We propose to investigate clinical applications of our novel methods using diffusion weighted imaging (DWI) tractography to improve the accuracy of localization of motor and language areas (often referred to as 'eloquent cortex') for minimizing postoperative deficits in children undergoing brain surgery. Although the current gold standard for identifying motor and language areas is electrical stimulation mapping (ESM), and functional MRI (fMRI) is used as a complementary tool for adult patients, ESM and fMRI fail to localize the 'eloquent cortex' of interest in 30-40% of surgical cases. Furthermore, both ESM and fMRI are inherently unable to localize crucial white matter pathways associated with eloquent cortex, and these pathways also may be at risk for damage during surgery. Thus, there is a real need, especially in children, for identification of these cortical regions and their pathways preoperatively. As a non-invasive alternative modality, we recently developed a state-of-the-art DWI tractography technique, referred to as maximum a posteriori probability (DWI-MAP) classifier. Our central hypothesis is that this novel DWI approach can serve as an accurate localizing tool in young children and can be used to estimate the occurrence of postoperative deficits in motor and language functions. Specifically, we will determine whether separate pathways of 'finger', 'leg', 'face motor' and 'language' areas determined by our DWI-MAP classifier are concordant with the functionally-important sites determined by ESM in children regardless of the presence of lesions seen on MRI. Also, we will investigate whether Kalman filter analysis combined with DWI-MAP classifier can estimate the probability of postoperative deficit as a function of resection margin in children undergoing epilepsy surgery. Finally, we will determine whether in children whose ESM fails to localize 'finger', 'leg', 'face motor', 'comprehension', and 'expressive language' areas, Kalman filter-determined resection margin preserving DWI-MAP pathways will lead to successful preservation of these specific functions. We believe that the proposed aims will significantly impact an objective decision making when benefits of removing epileptic brain regions vs. risks of severe deficits are being weighed or when there is no alternative to map these eloquent sites. Importantly, this proposal will provide a critical translational step to clinical applications by yielding objective tools that are not curretly available to precisely tailor surgical margins and prevent specific motor and language deficits. At the end of the funding period we anticipate novel DWI methods that are non-invasive and do not require patient cooperation (unlike fMRI), which can be easily applied in uncooperative patients. DWI can be acquired as part of the clinical MRI. It is cost-effective and can be readily applied in other centers.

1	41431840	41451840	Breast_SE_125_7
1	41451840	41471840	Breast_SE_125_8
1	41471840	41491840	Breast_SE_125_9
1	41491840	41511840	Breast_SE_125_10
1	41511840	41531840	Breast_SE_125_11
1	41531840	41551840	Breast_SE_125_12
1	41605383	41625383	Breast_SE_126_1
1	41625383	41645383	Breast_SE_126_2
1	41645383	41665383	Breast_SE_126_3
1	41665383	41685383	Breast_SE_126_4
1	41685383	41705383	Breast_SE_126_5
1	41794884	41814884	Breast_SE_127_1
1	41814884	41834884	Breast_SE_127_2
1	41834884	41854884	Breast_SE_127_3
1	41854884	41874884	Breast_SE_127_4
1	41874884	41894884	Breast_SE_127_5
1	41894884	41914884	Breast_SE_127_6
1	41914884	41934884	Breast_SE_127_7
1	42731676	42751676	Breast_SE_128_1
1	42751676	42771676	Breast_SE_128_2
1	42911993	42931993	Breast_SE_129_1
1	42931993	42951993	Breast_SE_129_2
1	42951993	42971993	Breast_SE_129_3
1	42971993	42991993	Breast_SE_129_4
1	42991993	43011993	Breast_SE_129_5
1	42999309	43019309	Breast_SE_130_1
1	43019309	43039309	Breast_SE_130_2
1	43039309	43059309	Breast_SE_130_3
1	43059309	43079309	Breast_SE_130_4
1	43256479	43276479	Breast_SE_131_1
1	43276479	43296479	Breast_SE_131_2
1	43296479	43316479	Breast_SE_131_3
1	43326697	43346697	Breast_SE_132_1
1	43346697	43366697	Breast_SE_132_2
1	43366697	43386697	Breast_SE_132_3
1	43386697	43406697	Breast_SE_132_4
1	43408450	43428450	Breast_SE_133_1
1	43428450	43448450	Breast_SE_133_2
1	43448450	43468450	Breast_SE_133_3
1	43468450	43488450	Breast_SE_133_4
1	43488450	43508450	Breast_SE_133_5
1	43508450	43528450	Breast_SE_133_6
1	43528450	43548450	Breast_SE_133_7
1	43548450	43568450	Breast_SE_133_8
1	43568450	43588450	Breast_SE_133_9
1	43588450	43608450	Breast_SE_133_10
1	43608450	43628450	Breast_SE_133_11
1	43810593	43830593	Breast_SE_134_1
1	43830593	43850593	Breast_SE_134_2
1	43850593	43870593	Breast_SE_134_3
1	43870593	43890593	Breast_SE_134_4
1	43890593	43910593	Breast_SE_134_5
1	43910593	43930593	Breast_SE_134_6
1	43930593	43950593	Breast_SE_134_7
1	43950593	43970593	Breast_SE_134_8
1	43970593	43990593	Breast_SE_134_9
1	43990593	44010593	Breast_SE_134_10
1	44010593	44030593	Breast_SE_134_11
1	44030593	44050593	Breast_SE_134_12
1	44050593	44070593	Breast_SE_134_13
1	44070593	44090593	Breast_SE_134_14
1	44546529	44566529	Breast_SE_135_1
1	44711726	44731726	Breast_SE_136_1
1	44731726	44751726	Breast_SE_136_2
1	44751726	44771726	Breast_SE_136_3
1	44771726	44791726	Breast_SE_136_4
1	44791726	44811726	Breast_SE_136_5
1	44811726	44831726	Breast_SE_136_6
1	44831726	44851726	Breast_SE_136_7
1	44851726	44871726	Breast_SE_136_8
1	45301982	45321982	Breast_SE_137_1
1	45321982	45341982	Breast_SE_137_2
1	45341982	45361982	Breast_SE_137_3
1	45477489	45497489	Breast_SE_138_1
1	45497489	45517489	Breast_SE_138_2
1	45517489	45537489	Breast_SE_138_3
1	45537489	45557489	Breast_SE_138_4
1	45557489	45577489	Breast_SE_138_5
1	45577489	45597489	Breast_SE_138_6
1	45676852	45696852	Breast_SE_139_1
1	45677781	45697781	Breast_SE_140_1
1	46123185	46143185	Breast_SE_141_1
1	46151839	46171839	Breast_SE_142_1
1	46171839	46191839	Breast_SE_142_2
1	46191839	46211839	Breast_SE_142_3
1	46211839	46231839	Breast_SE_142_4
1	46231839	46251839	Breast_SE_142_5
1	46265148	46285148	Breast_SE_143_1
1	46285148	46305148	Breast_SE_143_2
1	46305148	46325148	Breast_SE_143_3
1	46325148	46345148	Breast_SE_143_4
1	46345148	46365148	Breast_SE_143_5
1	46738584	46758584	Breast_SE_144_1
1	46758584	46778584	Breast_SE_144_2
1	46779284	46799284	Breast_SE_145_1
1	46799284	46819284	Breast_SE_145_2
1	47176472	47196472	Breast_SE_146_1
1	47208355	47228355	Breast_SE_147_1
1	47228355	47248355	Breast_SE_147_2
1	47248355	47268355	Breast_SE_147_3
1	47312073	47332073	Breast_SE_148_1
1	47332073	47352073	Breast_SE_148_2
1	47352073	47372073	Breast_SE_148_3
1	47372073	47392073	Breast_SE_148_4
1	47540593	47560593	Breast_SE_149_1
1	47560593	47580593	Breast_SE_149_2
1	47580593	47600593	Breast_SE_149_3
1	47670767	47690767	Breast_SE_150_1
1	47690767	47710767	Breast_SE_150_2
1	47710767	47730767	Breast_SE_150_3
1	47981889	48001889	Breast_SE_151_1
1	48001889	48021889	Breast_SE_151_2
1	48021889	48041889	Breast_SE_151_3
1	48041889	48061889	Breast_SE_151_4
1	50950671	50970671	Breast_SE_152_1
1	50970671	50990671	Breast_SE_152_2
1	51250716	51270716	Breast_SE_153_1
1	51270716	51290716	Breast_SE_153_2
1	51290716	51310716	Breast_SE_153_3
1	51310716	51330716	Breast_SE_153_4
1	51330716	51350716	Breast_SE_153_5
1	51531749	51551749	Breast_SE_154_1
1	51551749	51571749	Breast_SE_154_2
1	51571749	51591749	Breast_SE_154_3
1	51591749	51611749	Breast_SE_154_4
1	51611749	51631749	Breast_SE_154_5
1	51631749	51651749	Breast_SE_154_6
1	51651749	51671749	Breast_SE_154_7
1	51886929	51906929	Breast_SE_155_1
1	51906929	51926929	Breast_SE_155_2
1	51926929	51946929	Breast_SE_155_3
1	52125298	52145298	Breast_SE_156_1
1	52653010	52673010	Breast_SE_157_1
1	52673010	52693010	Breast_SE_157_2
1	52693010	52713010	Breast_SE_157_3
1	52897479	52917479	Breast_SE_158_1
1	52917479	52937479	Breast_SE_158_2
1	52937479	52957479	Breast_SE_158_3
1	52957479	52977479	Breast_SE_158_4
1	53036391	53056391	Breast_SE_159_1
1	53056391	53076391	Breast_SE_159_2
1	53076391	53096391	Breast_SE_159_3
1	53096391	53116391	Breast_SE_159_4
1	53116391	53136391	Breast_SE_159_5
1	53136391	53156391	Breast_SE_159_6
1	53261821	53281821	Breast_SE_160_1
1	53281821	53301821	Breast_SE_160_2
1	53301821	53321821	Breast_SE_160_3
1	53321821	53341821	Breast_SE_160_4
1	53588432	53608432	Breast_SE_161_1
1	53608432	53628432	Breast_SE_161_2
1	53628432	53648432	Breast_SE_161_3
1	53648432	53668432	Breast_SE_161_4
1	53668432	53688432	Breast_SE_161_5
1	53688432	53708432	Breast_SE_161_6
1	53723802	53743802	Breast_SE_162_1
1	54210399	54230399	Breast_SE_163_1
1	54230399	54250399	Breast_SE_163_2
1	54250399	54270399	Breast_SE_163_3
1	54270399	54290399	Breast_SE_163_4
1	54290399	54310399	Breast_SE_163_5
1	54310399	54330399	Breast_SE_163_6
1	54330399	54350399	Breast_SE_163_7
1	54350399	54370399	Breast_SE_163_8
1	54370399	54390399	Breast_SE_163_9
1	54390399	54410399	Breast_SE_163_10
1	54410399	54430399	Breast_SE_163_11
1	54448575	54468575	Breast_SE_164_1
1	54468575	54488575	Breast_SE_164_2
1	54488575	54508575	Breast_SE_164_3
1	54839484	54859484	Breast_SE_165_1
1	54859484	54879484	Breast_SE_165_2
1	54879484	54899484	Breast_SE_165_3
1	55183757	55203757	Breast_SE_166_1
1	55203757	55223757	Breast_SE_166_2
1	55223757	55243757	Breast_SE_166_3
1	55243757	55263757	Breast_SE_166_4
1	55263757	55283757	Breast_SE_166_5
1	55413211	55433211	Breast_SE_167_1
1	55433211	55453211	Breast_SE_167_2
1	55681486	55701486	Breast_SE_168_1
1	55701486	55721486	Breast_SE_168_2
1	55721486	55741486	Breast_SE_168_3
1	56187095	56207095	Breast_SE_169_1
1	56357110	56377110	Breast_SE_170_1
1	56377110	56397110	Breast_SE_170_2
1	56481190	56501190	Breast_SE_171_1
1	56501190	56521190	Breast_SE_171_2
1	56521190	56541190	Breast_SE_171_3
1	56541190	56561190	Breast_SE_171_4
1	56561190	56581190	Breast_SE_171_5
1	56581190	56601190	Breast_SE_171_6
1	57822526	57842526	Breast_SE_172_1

This proposal presents an innovative imaging tool for young children undergoing epilepsy surgery who are insensitive to electrical stimulation mapping. This project will translate into preoperative decision-making in order to preserve crucial brain tissues which may be at risk to be damaged or resected during surgery.
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